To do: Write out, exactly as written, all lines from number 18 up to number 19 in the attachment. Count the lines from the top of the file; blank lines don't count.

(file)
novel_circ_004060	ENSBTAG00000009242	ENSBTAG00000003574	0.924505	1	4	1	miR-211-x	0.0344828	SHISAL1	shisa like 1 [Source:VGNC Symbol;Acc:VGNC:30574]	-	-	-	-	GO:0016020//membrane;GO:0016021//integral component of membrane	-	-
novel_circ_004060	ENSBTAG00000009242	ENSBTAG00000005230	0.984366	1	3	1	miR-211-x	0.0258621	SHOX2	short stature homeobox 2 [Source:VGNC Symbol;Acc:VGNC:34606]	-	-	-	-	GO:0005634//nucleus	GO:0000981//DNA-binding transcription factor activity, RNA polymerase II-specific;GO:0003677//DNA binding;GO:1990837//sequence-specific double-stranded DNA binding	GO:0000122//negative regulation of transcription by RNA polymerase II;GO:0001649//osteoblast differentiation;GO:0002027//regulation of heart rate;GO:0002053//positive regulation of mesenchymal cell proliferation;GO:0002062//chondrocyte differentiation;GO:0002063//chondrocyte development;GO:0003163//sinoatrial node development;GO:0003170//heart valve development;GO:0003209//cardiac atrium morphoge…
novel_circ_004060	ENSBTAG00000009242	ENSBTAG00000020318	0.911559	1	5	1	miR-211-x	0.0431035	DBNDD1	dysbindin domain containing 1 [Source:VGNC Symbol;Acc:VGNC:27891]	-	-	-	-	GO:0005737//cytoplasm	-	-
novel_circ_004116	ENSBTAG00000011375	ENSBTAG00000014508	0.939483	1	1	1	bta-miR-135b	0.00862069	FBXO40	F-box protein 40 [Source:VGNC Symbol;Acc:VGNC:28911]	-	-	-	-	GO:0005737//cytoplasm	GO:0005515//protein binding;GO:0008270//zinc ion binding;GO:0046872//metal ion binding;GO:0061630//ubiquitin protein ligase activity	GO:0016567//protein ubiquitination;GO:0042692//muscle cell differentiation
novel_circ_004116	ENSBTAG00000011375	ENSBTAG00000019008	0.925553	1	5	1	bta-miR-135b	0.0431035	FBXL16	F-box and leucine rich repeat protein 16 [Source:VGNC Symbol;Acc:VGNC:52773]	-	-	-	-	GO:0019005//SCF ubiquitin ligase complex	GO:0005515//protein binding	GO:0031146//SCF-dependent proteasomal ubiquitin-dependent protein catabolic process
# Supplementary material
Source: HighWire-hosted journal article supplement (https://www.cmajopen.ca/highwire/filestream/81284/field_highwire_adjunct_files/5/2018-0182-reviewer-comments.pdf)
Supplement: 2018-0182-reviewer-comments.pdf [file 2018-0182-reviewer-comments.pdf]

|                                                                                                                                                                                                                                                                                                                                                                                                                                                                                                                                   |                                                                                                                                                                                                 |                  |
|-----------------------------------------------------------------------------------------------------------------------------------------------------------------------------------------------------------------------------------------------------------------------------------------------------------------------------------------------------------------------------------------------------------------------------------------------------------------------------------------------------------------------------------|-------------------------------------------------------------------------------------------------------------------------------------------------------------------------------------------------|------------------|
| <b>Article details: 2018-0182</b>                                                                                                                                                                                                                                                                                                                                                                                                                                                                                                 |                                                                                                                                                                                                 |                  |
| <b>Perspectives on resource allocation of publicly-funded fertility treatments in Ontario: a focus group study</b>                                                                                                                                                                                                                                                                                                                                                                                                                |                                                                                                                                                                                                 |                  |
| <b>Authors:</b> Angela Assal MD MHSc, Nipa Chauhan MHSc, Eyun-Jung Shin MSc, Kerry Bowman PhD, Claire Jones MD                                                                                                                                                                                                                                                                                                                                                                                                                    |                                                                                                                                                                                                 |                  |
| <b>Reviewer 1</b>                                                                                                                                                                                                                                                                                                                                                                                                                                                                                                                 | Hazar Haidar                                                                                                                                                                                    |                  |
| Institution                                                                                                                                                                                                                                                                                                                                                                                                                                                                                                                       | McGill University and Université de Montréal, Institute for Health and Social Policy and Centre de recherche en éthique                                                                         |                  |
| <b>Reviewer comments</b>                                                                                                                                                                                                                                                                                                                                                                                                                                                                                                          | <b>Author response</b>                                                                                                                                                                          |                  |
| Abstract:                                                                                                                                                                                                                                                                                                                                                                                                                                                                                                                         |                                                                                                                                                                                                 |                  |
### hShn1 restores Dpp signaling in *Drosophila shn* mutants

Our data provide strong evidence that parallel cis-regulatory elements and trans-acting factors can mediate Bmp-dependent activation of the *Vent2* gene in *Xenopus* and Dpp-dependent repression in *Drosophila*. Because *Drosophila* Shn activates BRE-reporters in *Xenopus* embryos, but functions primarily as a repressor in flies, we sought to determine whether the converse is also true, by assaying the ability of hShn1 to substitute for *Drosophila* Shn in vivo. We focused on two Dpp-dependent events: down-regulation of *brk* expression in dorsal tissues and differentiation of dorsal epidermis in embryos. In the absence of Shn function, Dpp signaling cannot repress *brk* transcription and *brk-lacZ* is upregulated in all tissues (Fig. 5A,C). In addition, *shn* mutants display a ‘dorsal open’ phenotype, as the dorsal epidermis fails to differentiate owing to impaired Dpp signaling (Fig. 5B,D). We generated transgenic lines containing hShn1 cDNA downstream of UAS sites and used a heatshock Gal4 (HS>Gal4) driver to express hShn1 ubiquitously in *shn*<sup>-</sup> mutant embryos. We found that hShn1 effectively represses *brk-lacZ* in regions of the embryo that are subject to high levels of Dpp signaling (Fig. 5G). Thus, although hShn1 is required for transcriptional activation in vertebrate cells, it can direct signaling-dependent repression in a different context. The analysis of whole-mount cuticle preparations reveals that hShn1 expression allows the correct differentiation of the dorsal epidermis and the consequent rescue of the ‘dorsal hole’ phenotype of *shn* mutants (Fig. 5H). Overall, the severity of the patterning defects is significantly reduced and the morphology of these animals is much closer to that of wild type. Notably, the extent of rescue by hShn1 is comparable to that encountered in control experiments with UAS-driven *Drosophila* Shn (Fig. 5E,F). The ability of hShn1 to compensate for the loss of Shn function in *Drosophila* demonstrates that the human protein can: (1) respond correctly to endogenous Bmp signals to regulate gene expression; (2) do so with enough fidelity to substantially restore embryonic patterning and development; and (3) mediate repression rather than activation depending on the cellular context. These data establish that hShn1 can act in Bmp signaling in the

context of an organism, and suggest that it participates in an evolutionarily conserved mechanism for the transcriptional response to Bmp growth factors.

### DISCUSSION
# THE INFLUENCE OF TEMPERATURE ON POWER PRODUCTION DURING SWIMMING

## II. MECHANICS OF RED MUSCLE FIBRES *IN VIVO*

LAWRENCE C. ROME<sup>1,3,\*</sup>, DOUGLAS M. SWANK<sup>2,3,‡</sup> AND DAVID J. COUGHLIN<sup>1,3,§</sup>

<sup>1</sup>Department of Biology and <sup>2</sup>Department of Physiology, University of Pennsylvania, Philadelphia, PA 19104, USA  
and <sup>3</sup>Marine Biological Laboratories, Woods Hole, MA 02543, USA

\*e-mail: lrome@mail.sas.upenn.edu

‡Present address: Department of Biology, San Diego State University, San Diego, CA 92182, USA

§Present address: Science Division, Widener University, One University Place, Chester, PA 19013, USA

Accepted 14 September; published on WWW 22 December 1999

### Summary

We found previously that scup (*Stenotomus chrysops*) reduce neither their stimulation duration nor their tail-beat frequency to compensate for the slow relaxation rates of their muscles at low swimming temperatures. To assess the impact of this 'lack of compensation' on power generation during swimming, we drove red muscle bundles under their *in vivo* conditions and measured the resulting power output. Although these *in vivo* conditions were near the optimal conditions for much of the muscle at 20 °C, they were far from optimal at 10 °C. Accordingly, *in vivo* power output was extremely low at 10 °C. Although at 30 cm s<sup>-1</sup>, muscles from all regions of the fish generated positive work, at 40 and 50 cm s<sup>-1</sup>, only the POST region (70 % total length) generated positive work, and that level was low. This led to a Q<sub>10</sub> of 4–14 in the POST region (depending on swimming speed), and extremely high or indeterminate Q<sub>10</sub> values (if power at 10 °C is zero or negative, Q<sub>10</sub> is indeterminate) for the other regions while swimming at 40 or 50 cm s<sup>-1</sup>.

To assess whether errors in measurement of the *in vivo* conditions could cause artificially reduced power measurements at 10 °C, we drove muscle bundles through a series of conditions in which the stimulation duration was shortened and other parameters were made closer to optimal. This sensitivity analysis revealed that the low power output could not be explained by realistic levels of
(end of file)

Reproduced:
### hShn1 restores Dpp signaling in *Drosophila shn* mutants

Our data provide strong evidence that parallel cis-regulatory elements and trans-acting factors can mediate Bmp-dependent activation of the *Vent2* gene in *Xenopus* and Dpp-dependent repression in *Drosophila*. Because *Drosophila* Shn activates BRE-reporters in *Xenopus* embryos, but functions primarily as a repressor in flies, we sought to determine whether the converse is also true, by assaying the ability of hShn1 to substitute for *Drosophila* Shn in vivo. We focused on two Dpp-dependent events: down-regulation of *brk* expression in dorsal tissues and differentiation of dorsal epidermis in embryos. In the absence of Shn function, Dpp signaling cannot repress *brk* transcription and *brk-lacZ* is upregulated in all tissues (Fig. 5A,C). In addition, *shn* mutants display a ‘dorsal open’ phenotype, as the dorsal epidermis fails to differentiate owing to impaired Dpp signaling (Fig. 5B,D). We generated transgenic lines containing hShn1 cDNA downstream of UAS sites and used a heatshock Gal4 (HS>Gal4) driver to express hShn1 ubiquitously in *shn*<sup>-</sup> mutant embryos. We found that hShn1 effectively represses *brk-lacZ* in regions of the embryo that are subject to high levels of Dpp signaling (Fig. 5G). Thus, although hShn1 is required for transcriptional activation in vertebrate cells, it can direct signaling-dependent repression in a different context. The analysis of whole-mount cuticle preparations reveals that hShn1 expression allows the correct differentiation of the dorsal epidermis and the consequent rescue of the ‘dorsal hole’ phenotype of *shn* mutants (Fig. 5H). Overall, the severity of the patterning defects is significantly reduced and the morphology of these animals is much closer to that of wild type. Notably, the extent of rescue by hShn1 is comparable to that encountered in control experiments with UAS-driven *Drosophila* Shn (Fig. 5E,F). The ability of hShn1 to compensate for the loss of Shn function in *Drosophila* demonstrates that the human protein can: (1) respond correctly to endogenous Bmp signals to regulate gene expression; (2) do so with enough fidelity to substantially restore embryonic patterning and development; and (3) mediate repression rather than activation depending on the cellular context. These data establish that hShn1 can act in Bmp signaling in the